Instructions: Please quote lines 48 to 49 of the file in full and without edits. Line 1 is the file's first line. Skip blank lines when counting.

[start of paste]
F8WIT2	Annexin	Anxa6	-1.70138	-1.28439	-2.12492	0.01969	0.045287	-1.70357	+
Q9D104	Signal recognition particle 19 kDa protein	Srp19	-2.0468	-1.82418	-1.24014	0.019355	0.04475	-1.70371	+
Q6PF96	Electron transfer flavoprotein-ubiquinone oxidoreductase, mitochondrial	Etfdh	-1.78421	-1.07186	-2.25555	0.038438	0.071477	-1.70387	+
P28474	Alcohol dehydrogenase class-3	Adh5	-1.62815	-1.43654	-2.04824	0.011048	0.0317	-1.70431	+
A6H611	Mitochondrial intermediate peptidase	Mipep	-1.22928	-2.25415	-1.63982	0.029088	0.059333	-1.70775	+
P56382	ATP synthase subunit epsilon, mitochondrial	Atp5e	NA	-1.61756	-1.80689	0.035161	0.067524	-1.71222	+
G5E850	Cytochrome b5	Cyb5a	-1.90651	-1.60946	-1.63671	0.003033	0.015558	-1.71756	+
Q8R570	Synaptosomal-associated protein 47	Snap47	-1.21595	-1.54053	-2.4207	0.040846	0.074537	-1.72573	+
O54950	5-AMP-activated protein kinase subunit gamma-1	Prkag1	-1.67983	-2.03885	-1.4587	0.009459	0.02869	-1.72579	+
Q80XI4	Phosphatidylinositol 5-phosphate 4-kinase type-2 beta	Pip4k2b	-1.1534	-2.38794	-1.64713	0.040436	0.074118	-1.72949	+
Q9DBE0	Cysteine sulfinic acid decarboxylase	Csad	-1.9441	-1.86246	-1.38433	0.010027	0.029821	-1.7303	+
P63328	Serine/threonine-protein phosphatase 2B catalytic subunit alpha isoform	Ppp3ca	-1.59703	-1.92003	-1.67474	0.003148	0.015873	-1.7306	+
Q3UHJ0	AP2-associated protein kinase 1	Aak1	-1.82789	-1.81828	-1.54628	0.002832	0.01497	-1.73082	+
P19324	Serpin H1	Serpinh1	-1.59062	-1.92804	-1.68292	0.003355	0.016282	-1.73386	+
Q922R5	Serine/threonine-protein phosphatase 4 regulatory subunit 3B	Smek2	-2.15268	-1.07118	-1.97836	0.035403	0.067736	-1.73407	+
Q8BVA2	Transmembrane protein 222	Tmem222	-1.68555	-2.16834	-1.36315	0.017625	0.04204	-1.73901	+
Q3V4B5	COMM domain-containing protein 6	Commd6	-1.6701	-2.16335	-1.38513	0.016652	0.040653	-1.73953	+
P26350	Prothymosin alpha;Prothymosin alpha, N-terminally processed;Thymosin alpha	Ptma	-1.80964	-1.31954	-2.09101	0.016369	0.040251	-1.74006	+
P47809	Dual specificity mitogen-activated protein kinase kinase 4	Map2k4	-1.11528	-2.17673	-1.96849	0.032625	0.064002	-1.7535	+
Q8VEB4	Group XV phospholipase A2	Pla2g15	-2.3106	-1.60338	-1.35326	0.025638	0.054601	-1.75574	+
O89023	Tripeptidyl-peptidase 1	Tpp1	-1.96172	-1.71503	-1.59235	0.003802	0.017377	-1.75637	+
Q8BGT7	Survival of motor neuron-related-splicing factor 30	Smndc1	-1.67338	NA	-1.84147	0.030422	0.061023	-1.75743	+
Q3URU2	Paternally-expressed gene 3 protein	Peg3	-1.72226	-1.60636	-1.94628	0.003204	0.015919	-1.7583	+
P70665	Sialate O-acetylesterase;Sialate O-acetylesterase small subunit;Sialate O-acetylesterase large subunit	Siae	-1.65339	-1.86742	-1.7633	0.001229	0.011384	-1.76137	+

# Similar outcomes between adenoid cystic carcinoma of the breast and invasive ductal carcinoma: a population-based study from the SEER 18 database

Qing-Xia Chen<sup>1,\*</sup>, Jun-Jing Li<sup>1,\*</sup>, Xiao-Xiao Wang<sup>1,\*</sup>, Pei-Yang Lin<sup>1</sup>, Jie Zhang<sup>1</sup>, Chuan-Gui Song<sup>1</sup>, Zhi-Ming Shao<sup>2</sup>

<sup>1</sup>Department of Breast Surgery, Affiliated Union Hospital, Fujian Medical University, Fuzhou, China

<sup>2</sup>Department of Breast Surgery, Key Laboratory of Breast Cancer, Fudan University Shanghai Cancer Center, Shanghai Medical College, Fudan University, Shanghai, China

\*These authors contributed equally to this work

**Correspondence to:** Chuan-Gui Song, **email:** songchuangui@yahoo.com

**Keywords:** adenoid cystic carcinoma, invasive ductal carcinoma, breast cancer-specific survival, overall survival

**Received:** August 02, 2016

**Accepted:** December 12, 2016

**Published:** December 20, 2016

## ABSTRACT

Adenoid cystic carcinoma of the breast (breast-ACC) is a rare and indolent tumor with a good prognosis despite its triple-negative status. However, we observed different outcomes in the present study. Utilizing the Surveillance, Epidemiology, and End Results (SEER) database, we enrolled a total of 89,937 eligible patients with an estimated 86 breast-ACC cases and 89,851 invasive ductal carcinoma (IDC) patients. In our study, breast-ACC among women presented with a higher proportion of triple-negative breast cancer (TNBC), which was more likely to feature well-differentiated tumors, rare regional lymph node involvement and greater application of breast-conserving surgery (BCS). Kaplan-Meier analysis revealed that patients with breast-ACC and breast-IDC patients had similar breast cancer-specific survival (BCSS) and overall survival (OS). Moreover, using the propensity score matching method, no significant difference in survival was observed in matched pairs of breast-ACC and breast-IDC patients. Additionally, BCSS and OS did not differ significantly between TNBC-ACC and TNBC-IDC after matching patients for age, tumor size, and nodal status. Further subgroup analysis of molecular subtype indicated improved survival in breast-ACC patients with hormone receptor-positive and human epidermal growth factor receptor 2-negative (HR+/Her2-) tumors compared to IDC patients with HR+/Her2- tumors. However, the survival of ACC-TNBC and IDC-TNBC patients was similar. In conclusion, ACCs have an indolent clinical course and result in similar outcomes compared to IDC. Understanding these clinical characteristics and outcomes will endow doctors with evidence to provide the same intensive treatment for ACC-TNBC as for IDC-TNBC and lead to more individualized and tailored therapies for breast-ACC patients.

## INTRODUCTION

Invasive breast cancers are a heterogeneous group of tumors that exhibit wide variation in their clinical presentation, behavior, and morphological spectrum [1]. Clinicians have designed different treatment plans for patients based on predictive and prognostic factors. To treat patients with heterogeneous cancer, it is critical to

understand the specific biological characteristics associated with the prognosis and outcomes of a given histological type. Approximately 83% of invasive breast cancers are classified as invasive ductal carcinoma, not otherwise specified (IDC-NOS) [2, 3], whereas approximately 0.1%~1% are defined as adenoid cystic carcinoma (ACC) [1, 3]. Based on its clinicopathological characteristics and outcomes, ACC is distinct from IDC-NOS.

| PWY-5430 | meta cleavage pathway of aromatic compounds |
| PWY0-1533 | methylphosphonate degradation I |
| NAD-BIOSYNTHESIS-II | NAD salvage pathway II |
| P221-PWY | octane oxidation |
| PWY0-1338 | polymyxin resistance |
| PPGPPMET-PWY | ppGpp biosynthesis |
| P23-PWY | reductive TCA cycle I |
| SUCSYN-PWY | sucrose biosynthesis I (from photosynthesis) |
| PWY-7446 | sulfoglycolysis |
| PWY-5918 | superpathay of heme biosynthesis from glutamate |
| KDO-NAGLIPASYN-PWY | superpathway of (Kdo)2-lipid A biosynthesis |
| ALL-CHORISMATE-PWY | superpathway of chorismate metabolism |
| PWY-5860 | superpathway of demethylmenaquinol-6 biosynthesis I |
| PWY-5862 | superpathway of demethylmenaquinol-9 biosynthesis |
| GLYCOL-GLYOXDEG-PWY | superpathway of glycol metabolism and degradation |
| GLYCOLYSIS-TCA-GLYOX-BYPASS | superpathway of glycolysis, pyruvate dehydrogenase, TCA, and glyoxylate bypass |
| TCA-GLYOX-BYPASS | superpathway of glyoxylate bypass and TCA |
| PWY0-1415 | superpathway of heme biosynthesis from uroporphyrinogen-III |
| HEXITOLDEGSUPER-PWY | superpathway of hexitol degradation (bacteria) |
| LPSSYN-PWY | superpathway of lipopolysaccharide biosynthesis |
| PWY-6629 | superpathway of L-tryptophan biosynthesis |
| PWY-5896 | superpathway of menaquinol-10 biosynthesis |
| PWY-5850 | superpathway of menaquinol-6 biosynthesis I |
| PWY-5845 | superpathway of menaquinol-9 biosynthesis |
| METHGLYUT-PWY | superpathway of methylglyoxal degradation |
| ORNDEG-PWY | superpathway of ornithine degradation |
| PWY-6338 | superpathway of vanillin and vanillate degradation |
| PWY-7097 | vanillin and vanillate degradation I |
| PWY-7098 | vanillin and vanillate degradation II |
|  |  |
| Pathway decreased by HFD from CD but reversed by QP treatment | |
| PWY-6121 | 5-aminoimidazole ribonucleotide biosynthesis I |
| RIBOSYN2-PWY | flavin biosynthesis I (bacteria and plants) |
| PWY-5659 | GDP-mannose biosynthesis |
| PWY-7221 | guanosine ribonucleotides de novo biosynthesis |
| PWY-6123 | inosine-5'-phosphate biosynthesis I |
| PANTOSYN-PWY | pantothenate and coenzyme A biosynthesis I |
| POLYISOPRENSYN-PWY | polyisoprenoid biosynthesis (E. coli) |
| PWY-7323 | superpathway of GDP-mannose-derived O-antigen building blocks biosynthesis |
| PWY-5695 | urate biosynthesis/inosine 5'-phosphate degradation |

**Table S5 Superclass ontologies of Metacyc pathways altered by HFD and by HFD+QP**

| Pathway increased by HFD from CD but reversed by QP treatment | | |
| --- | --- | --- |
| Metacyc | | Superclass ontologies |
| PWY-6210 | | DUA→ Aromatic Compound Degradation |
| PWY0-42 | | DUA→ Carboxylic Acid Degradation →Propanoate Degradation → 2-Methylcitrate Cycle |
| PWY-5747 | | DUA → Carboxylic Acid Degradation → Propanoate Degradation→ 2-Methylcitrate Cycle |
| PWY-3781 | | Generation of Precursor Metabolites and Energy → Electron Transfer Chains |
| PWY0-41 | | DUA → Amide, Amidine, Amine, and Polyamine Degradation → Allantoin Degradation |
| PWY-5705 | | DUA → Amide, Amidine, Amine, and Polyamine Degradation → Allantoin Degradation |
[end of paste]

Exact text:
| PWY-7446 | sulfoglycolysis |
| PWY-5918 | superpathay of heme biosynthesis from glutamate |